For the 2013 model year, the Ford 6F35 transmission received a high-volume pump which increased the intake channel in the stator shaft support from 0.432” to 0.520”. The pump body intake channel was also increased to the same matching dimensions.
Higher pump volume was required to accommodate the 1.5-, 1.6- and 2.0-liter turbocharged engines. Parts affected include the stator shaft support and the pump body.
The complaint After overhaul, a GM vehicle equipped with the 6T40 BAS Hybrid transmission has a complaint of little or no movement. A line pressure check reveals extremely low pressure. The technician disconnected the transmission case connector to see what effect that would have on line pressure, but it was negligible. Related Articles – BendPak
The complaint After replacing the pump assembly in a 6L80/90 transmission with a new GM pump the vehicle returns with symptoms that would appear to be caused by a low fluid condition: it falls out of gear at a stop and has low line pressure. Upon further inspection the sump filter, which was also a
The complaint The complaints are harsh engagements and shifts. The scan tool data reveals that there is no amperage command to the EPC solenoid therefor the line pressure is at maximum. There are no transmission codes stored, there are lean codes stored in the ECM. The ABS or the VSC (vehicle stability control) lights may
The complaint A 1993 Chevrolet 1500 with the 5.0-liter engine and 4L60E transmission has a complaint of second gear starts. The truck seemed to start off in first gear on an initial cold start but would stay in second gear at a stop or even when shifted out of Drive to Park or Reverse and
The following pages contain powertrain industry profiles, key people and product information from leading companies in the marketplace. These profiles serve as an introduction for companies participating in autumn trade shows. Related Articles – Shift Pointers: Reassembling GM pumps with cam failure – Valve body and component suppliers: A comprehensive list – Are you ready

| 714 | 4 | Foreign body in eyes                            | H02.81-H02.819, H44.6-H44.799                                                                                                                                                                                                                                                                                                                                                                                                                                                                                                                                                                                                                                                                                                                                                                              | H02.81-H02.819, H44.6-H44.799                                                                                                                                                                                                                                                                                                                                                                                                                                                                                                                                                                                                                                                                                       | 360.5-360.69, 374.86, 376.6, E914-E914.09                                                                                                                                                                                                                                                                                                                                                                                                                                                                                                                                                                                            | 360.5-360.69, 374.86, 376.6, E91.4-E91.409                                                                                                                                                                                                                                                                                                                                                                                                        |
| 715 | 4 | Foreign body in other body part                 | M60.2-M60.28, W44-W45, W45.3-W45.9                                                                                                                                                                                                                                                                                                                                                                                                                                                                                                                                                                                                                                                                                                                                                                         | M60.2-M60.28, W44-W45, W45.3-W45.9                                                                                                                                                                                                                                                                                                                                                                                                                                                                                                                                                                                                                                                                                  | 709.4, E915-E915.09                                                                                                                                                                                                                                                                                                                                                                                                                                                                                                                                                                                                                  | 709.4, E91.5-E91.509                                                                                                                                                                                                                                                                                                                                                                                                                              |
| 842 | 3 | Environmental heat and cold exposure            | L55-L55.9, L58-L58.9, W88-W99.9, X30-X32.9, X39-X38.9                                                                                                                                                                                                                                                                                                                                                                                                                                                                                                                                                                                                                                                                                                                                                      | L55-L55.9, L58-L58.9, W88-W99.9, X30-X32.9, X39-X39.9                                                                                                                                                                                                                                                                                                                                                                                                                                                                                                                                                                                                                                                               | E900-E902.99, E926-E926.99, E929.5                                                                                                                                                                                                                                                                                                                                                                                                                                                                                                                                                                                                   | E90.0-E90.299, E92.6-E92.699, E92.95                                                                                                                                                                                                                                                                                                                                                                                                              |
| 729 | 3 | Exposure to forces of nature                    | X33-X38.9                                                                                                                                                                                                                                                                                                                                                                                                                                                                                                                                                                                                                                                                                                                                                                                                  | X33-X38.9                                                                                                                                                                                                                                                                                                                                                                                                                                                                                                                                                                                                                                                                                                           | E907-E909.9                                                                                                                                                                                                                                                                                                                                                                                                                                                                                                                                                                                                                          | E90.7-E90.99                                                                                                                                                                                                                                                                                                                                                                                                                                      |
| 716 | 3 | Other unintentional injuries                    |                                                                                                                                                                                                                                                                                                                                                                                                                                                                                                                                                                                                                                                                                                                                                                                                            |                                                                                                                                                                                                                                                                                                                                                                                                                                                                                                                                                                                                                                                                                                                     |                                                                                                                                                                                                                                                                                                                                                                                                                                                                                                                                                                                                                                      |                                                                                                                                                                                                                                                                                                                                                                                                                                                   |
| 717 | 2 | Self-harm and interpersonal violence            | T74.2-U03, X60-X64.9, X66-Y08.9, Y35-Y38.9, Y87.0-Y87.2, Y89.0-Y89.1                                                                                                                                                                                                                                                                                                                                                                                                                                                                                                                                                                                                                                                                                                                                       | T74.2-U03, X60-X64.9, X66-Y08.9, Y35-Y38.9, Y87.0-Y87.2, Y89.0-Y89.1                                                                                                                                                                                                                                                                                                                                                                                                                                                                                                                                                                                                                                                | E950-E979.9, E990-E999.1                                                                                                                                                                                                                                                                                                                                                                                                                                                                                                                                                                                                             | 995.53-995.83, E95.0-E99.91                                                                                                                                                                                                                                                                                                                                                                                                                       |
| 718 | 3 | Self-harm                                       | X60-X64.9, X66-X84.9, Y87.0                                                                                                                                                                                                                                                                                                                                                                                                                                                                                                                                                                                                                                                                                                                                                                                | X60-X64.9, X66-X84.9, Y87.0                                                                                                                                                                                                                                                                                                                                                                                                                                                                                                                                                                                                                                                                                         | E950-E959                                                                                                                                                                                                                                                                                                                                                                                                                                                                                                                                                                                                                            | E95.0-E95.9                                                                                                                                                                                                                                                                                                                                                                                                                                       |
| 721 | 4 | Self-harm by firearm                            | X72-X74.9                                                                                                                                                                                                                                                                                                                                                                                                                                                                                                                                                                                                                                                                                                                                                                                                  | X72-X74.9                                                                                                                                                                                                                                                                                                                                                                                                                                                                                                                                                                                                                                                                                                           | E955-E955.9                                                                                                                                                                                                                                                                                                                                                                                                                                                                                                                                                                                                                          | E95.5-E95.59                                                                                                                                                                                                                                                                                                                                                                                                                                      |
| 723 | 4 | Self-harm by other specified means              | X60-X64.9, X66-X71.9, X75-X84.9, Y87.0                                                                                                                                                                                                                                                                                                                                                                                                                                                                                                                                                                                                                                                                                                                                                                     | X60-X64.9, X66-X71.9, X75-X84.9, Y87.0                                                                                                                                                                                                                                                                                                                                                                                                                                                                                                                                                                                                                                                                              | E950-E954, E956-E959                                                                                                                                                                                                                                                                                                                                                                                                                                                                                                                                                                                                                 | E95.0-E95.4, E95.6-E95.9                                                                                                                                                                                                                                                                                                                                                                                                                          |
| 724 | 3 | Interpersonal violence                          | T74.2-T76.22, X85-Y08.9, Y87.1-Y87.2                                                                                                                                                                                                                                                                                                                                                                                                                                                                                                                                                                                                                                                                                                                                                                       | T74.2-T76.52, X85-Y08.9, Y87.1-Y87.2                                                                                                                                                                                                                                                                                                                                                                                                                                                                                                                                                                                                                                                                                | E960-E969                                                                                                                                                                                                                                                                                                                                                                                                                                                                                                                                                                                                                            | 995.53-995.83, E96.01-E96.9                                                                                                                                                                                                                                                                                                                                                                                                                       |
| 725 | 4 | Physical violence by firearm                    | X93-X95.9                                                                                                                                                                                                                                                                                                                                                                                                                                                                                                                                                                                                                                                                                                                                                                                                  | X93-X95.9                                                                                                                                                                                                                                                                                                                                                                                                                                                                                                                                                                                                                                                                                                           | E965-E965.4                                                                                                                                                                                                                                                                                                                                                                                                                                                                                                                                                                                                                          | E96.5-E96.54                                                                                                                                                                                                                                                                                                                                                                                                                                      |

The profitable and proper remanufacturing of torque converters served as the focus for the 24th annual seminars and meetings of the Torque Converter Rebuilders Association (TCRA). The two-day event was held in the Detroit area in June and drew approximately 100 participants. As has been the case since the first of these converter segment get-togethers,
June 24 and 25 brought us the annual Torque Converter Rebuilders Association (TCRA) seminar, in which the organization meets to talk technical issues, vote on its board, and hold seminars. More coverage of this event is forthcoming in TD’s July issue, but in the meantime, here are some of the biggest takeaways from seminar day.
Have you ever wondered, when you open up a transmission kit, how many nations all of these different parts came from? How many different journeys these parts had to make to get to where they are, sitting in your shop, ready to serve their purpose in a unit that needs them? Related Articles – Road